AGGIE TRANSCRIPT IS RECRUITING FOR SPRING 2015!

Interested in both science and writing? Want some practical experience managing a student-run life sciences journal? Consider applying to the editorial board of the Aggie Transcript, an undergraduate life sciences journal run by UC Davis students!

Editors are expected to solicit and review submission articles, as well as to submit their own pieces of original writing. This is an excellent opportunity for anyone hoping to gain valuable experience in critical analysis, strengthen their written communication, and share their work with others at UC Davis and beyond!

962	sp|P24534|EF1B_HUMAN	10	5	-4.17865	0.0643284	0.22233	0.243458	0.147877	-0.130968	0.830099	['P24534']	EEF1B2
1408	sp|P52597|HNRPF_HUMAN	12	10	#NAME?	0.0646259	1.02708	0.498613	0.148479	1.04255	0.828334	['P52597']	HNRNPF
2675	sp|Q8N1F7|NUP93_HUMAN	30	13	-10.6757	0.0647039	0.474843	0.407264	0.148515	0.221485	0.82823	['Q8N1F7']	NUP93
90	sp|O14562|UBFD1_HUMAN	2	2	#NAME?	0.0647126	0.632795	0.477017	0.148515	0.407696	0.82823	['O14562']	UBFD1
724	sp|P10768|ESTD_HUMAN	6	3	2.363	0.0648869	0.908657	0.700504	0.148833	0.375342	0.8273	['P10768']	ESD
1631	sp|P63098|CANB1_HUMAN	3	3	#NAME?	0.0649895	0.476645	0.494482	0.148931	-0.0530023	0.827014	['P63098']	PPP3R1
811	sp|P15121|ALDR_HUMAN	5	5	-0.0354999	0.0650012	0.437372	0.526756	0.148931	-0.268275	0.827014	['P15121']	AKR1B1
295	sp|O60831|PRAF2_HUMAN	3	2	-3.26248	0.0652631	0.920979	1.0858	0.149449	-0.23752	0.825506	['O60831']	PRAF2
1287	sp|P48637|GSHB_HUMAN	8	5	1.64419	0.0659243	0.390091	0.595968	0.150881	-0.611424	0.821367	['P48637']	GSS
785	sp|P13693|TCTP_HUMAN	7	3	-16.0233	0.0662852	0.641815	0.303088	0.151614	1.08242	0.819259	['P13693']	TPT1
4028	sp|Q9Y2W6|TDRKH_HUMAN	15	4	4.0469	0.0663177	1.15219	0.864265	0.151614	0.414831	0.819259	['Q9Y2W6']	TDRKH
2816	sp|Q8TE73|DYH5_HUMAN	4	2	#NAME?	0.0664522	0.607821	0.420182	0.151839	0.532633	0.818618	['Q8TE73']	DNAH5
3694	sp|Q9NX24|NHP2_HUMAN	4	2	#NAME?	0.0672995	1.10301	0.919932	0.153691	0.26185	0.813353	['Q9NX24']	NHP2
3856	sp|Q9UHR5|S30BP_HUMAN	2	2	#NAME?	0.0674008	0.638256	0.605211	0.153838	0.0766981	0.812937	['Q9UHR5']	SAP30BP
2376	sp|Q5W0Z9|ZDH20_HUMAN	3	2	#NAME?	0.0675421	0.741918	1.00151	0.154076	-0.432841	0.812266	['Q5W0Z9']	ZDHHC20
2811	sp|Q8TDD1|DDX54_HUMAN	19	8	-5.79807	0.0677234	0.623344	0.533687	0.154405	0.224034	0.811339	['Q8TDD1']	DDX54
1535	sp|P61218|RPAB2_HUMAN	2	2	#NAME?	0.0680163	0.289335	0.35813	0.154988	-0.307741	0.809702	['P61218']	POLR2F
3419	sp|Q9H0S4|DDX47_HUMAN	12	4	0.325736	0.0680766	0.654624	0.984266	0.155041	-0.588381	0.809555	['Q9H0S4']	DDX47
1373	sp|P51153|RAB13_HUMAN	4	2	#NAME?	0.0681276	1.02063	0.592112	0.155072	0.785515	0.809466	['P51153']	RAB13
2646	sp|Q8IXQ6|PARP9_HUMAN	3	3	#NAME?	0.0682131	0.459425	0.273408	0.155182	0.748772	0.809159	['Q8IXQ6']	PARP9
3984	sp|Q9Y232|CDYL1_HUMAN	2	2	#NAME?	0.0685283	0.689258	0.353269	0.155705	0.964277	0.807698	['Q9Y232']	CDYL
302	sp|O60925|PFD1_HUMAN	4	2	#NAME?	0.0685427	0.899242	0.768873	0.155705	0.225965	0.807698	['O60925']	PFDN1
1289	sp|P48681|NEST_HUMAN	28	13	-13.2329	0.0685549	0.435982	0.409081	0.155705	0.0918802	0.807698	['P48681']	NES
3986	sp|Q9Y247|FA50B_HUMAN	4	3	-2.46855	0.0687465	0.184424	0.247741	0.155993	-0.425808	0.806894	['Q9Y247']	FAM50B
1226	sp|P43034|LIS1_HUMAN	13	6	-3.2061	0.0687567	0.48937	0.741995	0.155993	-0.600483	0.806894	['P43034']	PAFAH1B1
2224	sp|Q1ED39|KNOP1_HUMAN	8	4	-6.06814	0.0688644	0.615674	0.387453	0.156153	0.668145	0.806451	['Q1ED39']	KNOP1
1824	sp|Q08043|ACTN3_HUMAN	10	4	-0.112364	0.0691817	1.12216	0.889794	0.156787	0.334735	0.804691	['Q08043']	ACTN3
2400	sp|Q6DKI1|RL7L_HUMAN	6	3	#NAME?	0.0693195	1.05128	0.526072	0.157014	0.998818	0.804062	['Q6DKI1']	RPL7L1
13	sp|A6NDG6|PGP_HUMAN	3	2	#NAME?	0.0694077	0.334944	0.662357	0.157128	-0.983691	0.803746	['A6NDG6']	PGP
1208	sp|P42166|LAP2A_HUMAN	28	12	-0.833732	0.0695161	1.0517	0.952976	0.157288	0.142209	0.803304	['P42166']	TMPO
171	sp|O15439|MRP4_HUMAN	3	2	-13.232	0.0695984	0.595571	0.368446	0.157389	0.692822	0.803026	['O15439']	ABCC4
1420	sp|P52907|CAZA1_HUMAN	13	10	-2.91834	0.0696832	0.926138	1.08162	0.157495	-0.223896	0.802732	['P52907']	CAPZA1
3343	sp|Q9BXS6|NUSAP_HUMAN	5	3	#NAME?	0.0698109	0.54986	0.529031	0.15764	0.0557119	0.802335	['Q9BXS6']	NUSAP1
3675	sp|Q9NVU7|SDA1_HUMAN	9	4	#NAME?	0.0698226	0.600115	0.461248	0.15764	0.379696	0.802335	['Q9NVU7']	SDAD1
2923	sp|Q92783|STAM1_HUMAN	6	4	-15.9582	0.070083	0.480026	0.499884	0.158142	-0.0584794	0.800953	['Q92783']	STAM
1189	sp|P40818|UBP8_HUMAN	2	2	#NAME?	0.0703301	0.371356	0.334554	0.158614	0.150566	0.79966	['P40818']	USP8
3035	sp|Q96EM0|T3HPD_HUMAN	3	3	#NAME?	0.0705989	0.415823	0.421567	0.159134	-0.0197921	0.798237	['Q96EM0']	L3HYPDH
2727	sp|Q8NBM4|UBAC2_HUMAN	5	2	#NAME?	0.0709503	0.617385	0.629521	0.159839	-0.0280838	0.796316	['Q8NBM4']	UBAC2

The editorial board meets weekly and editors are offered 1 unit of credit. To apply, please submit a writing sample and a cover letter to: aggietranscript@gmail.com.

The letter should discuss why you are interested in being part of The Aggie Transcript, what you can bring to the journal, and what you hope to gain from this experience. The writing sample should demonstrate strong written and literacy skills in the biological sciences.

The deadline to apply is: April 13, 2015 (Monday)

If you have any questions or concerns,

email us at: aggietranscript@gmail.com